Hillary Clinton laughing about Piracy

Here is a bizarre video of Hillary Clinton talking about Piracy, but she also goes on to mention a little known historical fact, that it was the nation of Morocco which was the first in the world to recognize the fledgling United States as a nation independent of England. I find this historical fact (which is totally accurate) slightly bizarre only because the United States has not reciprocated by allowing Moroccans to travel to the U.S. without a cumbersome visa policy today.

Anthropology other worlds Pirates scary clowns

Kingdom of Loathing

This is a great game. I wrote this paper last fall but I think it is still relevant. I have been too busy to play lately, but I look forward to getting back into it. One of the best parts is that it is free, can be played anywhere there is an internet connection, and doesn’t need software…just a browser.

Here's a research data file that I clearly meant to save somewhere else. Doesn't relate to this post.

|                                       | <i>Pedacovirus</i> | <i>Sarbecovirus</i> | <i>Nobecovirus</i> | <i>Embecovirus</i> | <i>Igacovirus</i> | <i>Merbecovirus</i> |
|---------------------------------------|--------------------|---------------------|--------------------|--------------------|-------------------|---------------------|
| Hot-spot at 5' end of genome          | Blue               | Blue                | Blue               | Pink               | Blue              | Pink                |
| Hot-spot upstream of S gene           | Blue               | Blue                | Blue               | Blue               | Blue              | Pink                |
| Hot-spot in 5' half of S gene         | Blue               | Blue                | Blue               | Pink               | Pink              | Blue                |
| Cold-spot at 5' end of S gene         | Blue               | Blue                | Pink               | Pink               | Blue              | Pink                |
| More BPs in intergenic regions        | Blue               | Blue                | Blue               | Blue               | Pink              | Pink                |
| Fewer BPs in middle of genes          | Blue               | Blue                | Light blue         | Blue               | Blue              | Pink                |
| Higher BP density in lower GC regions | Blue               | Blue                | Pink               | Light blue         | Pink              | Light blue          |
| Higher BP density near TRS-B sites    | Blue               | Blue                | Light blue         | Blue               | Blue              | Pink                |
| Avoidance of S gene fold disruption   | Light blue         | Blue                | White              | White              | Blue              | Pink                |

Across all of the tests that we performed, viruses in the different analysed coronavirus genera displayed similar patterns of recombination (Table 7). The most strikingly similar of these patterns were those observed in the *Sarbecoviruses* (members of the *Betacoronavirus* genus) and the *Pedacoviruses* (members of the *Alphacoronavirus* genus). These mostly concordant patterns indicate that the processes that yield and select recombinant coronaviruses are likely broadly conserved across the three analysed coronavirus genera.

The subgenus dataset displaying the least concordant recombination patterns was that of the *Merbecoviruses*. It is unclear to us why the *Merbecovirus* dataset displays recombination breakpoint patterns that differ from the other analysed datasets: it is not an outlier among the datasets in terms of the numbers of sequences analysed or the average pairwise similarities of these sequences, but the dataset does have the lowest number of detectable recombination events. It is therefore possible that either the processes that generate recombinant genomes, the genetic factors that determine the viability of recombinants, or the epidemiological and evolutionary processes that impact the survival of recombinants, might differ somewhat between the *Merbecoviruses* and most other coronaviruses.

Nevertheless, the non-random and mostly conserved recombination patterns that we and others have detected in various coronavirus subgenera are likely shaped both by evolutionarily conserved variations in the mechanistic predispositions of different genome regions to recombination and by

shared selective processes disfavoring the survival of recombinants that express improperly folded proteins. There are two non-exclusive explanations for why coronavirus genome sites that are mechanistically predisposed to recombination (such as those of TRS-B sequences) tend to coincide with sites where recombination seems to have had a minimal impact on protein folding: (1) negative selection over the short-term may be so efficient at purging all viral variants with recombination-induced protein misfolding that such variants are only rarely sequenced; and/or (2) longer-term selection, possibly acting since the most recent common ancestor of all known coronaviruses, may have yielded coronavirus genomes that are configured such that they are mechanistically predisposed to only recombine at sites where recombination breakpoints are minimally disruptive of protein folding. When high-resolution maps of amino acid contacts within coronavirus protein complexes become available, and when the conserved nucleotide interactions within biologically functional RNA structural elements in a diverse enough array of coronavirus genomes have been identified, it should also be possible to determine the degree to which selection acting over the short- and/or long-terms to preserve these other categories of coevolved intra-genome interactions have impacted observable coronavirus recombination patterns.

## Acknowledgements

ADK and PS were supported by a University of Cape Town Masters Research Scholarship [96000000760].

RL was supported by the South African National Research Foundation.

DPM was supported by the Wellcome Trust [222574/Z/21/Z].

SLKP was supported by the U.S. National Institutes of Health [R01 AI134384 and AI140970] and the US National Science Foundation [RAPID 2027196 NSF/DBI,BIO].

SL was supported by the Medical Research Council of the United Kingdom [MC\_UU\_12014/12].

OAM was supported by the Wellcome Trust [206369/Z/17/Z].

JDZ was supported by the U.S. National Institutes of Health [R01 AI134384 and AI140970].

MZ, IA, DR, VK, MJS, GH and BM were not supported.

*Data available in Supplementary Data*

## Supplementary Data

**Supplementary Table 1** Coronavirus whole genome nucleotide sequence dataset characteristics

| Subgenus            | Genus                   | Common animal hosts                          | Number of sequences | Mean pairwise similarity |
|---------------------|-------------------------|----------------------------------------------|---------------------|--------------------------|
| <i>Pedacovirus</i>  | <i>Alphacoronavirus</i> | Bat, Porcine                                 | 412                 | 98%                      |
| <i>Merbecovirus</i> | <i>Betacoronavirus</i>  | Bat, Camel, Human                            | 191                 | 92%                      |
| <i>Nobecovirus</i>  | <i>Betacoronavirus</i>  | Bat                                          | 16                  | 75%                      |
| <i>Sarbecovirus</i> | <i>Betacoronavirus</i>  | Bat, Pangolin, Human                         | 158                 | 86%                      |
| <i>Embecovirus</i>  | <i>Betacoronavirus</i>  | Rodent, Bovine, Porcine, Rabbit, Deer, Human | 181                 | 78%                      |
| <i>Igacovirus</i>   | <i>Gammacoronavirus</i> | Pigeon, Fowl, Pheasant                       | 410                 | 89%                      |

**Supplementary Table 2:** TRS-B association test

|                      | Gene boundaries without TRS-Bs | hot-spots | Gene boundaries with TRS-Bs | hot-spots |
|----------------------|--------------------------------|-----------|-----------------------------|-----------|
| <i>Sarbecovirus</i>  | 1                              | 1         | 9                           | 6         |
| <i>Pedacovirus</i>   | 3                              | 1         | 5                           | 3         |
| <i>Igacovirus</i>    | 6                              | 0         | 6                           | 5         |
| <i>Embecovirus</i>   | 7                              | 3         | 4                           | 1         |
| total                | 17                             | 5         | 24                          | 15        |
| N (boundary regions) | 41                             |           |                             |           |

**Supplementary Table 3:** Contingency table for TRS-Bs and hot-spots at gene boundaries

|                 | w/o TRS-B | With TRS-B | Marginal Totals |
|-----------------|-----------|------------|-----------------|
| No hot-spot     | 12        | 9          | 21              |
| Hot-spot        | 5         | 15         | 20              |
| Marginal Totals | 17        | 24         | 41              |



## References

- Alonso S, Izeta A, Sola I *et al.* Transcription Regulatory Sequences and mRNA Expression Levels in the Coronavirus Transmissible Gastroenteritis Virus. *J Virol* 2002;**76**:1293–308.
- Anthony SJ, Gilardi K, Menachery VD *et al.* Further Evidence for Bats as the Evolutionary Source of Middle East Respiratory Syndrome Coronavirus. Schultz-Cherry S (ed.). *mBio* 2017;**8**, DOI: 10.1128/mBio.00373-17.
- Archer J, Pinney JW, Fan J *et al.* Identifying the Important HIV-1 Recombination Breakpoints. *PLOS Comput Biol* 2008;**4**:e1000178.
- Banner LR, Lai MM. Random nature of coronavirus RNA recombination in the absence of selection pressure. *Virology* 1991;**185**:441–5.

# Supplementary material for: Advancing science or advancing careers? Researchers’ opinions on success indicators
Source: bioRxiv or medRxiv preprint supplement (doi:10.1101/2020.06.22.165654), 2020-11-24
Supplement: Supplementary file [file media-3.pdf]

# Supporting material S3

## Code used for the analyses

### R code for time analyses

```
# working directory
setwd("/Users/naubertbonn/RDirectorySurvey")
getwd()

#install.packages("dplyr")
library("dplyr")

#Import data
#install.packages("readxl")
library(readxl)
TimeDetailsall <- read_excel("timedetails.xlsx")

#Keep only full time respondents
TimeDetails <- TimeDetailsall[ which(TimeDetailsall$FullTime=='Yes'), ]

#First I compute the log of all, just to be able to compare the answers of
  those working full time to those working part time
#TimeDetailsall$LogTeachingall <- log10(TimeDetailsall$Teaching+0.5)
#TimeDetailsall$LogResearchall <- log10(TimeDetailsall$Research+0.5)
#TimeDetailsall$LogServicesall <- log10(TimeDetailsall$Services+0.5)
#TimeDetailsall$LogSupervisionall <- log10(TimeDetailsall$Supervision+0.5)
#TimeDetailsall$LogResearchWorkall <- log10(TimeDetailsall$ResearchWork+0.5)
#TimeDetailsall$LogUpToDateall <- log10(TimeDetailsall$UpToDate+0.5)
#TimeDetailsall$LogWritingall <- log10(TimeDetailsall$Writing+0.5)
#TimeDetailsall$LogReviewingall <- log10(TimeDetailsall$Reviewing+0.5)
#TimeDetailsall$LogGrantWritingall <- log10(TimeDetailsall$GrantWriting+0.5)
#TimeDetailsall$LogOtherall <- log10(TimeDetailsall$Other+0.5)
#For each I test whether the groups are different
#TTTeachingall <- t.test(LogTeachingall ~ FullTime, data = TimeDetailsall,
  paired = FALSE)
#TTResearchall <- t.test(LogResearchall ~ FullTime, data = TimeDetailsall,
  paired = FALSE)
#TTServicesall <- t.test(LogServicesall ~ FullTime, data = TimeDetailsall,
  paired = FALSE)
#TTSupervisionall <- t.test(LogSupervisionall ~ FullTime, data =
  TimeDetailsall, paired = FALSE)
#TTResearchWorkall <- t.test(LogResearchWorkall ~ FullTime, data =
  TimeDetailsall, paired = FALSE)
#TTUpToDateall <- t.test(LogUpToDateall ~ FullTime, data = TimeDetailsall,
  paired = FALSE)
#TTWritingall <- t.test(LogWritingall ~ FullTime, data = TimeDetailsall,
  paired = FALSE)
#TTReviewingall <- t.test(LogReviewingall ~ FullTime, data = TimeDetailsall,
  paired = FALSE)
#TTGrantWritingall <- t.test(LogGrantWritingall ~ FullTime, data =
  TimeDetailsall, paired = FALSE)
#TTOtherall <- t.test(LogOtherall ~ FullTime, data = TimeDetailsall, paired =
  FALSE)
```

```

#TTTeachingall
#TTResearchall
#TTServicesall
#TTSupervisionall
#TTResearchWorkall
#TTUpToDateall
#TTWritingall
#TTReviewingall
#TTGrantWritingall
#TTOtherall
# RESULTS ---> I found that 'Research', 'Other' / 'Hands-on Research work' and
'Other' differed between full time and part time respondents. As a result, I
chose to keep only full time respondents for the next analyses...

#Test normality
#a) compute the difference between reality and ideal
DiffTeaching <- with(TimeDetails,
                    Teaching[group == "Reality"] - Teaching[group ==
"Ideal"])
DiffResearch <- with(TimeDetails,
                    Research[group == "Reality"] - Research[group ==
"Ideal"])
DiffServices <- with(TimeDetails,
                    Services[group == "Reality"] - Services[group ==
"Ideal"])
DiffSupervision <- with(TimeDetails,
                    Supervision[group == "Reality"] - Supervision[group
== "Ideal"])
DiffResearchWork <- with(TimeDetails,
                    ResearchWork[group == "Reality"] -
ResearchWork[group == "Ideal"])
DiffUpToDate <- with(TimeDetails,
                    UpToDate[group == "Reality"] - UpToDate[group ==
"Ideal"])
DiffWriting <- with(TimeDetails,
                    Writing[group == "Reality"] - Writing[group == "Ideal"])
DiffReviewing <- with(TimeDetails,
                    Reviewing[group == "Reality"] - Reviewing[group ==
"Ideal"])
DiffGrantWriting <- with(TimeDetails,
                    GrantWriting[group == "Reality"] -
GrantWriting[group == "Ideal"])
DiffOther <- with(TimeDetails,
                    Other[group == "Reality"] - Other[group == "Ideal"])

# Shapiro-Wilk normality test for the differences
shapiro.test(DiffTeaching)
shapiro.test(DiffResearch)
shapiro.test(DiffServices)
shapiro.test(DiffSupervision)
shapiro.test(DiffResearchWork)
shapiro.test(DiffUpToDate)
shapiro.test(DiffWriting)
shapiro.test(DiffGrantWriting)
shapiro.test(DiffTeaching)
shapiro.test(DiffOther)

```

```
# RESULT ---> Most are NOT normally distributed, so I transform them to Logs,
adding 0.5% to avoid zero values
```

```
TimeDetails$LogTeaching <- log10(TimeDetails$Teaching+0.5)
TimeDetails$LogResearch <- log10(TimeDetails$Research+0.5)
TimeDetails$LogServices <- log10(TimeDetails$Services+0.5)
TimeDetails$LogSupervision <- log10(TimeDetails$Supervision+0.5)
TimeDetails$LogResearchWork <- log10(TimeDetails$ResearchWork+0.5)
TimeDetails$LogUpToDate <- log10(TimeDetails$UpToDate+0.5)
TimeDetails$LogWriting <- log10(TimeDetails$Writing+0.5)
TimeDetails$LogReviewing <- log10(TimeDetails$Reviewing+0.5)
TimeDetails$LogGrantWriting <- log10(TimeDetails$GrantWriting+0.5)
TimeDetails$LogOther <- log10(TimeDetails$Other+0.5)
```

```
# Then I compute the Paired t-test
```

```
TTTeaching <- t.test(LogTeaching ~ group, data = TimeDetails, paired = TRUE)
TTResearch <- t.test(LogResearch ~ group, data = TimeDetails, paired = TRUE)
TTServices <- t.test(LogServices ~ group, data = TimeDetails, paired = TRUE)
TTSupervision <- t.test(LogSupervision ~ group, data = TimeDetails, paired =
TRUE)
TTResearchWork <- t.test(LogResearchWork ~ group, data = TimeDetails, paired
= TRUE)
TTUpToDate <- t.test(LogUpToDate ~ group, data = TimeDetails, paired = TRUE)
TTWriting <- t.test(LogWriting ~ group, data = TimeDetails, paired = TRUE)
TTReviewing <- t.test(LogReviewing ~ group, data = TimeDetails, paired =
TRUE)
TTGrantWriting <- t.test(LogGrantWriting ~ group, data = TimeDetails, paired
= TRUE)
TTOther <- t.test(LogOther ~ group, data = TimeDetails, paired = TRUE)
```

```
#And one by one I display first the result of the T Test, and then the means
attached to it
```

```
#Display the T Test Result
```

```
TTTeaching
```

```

Link to the Game.

Kingdom of Loathing: Virtual Society of the Spectacle
Kingdom of Loathing, located at, is a game that began as a joke. The joke requires some historical background in order to be understood. In 2003 online games were becoming increasingly sophisticated with 3-D type graphics, complex imaginary worlds, and sophisticated character creation systems and classes. At the same time the ‘hipster’ culture typified by such websites as ‘BoingBoing’, ‘WeMakeMoneyNotArt’, and ‘GrowABrain’ were reaching new highs in site visits and overall web popularity. Here is the joke: In 2003, a couple of hipsters created a sophisticated online game with stick figure 2-D graphics, ridiculous parody worlds that ridiculed popular culture, and ironically named character classes based on hipster culture and making fun of traditional RPG categories. This resulted in character classes such as ‘accordion thief’, ‘disco bandit’, ‘pastamancer’, and ‘saucerer’. The punch line is that despite all the ridiculous pop-culture and hipster references, Kingdom of Loathing is actually a well crafted game and has attracted more than a million players so far.